Smiling Charlie Szpakowicz-Cook has cerebral palsy and now his family want to help him to feed himself and go on a bike ride. Catherine Scott reports.
Natalie Szpakowicz-Cook isn’t asking much. She just wants to help her son Charlie feed himself and get the chance to go on a family bike ride with his brothers for the first time.
“I just want Charlie to have some independence,” says mother-of-three Natalie.
Charlie, nine, was diagnosed with quadriplegic cerebral palsy at just four months old after suffering a number of seizures.
“I don’t think we will ever know what caused Charlie’s cerebral palsy,” says Natalie.
“I had felt reduced movement for about a month before he was born and though I was nearly full term Charlie only weighed 4lbs 10 oz and they found that the placenta hadn’t being doing the job it should have been.”
At first Charlie had to be tube-fed but eventually Natalie and husband Simon were able to take him home, only to have to rush back when he was four weeks old when he suffered a chest infection.
“While we were in hospital they noticed his arm wasn’t right and they diagnosed him with Erb’s palsy.”
Erb’s palsy is paralysis of the arm caused by damage to the nerves at birth.
But when Charlie was four months old he stopped breathing while Natalie and Simon were out for the day,
“My husband pulled him out of his buggy and tried to resuscitate him. We were so lucky that some passers by were an A&E registrar and a nurse. They saved his life.”
Charlie was transferred to Sheffield Children Hospital where an ECG and MRI scan revealed he was suffering from West Syndrome – a severe form of epilepsy.
Medication now helps to control the seizures but Charlie has been left severely disabled.
“They told me that he would never smile again or laugh which is heartbreaking.”
But Natalie was determined that her little boy would achieve his full potential.
“You do go through a grieving process and can only see the things that Charlie can’t do. But then when his brother William came along I was feeling in a better state of mind and I started to look at all the things Charlie could do rather than what he couldn’t.
“We never gave up on him no matter how hard it got.”
By the age of two Charlie was recognising colours and his mother says he has come on “leaps and bounds”.
The first thing you notice about Charlie is his beaming smile – something doctors said he would never be able to do.
“He has a wicked sense of humour and is really clever, but above all Charlie is the most caring little boy given what he has to go through. He’s always concerned for his family and his friends at school and has an amazing memory, too.”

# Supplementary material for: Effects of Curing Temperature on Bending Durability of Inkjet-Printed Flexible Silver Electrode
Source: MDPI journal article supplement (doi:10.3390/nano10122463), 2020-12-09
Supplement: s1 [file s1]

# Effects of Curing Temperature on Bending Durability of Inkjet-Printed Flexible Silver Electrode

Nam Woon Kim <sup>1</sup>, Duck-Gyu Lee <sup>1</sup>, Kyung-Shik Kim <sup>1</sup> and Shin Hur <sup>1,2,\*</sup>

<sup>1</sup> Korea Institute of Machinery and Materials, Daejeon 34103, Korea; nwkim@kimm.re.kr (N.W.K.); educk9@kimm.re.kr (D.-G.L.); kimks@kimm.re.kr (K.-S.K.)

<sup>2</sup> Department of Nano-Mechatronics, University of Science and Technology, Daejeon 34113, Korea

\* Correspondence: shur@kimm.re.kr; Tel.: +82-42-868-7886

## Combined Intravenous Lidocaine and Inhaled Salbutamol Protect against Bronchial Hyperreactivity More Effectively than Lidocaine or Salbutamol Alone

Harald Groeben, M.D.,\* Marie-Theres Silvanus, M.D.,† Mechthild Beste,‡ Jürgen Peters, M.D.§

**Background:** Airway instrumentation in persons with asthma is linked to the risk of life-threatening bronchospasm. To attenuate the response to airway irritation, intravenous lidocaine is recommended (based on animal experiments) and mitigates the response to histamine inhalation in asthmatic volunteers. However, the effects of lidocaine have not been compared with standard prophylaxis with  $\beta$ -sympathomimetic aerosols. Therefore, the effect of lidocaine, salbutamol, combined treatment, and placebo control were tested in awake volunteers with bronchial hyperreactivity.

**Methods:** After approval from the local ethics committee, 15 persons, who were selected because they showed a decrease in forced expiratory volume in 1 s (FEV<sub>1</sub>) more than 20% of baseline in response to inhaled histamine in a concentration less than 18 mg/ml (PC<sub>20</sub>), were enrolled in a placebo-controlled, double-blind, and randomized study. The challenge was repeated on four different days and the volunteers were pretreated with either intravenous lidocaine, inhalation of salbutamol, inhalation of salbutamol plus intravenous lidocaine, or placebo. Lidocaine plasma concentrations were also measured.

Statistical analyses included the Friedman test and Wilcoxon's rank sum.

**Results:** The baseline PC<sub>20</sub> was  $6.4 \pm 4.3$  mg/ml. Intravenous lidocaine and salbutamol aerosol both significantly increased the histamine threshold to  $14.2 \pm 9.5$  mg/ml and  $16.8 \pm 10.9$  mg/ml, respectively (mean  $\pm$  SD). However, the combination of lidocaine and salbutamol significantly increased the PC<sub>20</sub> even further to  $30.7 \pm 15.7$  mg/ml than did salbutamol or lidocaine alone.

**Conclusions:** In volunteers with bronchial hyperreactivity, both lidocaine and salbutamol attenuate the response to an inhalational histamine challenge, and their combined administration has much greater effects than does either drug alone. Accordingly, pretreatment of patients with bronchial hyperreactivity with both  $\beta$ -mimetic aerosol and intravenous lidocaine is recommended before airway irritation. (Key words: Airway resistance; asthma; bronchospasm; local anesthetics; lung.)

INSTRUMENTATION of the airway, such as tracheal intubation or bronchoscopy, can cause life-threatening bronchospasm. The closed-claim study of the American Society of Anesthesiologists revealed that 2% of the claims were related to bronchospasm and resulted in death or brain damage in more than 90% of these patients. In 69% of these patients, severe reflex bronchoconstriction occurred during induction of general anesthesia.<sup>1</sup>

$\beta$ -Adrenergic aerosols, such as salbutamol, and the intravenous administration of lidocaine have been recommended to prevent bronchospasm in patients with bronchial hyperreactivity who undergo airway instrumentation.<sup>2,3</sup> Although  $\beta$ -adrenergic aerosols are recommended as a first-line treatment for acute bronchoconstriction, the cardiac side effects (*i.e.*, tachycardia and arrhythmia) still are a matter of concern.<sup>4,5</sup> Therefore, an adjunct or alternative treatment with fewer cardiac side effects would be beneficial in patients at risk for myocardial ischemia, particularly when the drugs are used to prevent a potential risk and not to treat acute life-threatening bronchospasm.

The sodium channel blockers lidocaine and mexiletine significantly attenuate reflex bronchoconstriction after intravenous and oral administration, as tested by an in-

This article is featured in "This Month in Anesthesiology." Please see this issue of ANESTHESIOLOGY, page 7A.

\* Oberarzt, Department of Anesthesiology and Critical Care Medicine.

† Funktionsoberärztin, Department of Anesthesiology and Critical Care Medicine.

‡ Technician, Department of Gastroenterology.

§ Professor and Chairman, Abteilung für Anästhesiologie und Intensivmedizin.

Although cognitively Charlie is fine, he has a lot of physical challenges and has undergone numerous operations in his nine years.
He has no use of his legs and will never walk, but has a little use of his arms which means that he can use an iPad.
Although Natalie is Charlie’s full-time carer as well as being mother to William, seven, Joseph, five, and two-year-old Oliver, her aim is to give him as much independence as possible.
His family are now raising funds to buy a state-of-the-art piece of equipment to allow Charlie to feed himself and an adapted disabled bike to allow him to go on family bike rides for the first time.
“At his special school they have a Neater Eater which means that Charlie can feed himself. The satisfaction, happiness and independence brought him and us to watch him do this was beyond words,” says Natalie, from Bawtry, near Doncaster.
Using a touch screen, Charlie can operate a robotic arm which has a spoon attached, giving him the ability to feed himself.
“It will mean that we can all sit down as a family and eat meals together which I think is very important,” says Natalie,.
“It will also give Charlie some much-needed independence as he gets older and wants to do more things for himself.”
It means he will be able to eat his favourite food, chicken tikka masala, himself.
“I ate a lot of curries when I was pregnant with Charlie and I think that’s why he loves it so much.”
But the Neater Eater costs more than £5,000 and although Natalie applied for funding it was not forthcoming and so they launched a fund-raising campaign which has already received support from the local Lions club and Bawtry Retail Association.
She also wants to try to buy Charlie a special bike, which again will give him much-needed independence. Again the council declined to fund the bike, which would cost in excess of £3,000.
“My husband is a big bike rider and William has a bike, Joseph will be able to ride soon and Oliver has a little balance bike.
“To be able to go out on bike rides and picnics as a family together will be fantastic.
“At the moment Charlie has to stay with my mum, I just want him to be able to do ordinary, family things.
“He is also a really big thrill-seeker and loves speed. He enjoys fairground and theme park rides as well as sports cars.
“Both pieces of equipment would last into adulthood so would give many years of happiness and independence for Charlie.”
To make a donation visit www.justgiving.com/crowdfunding/charliesindependence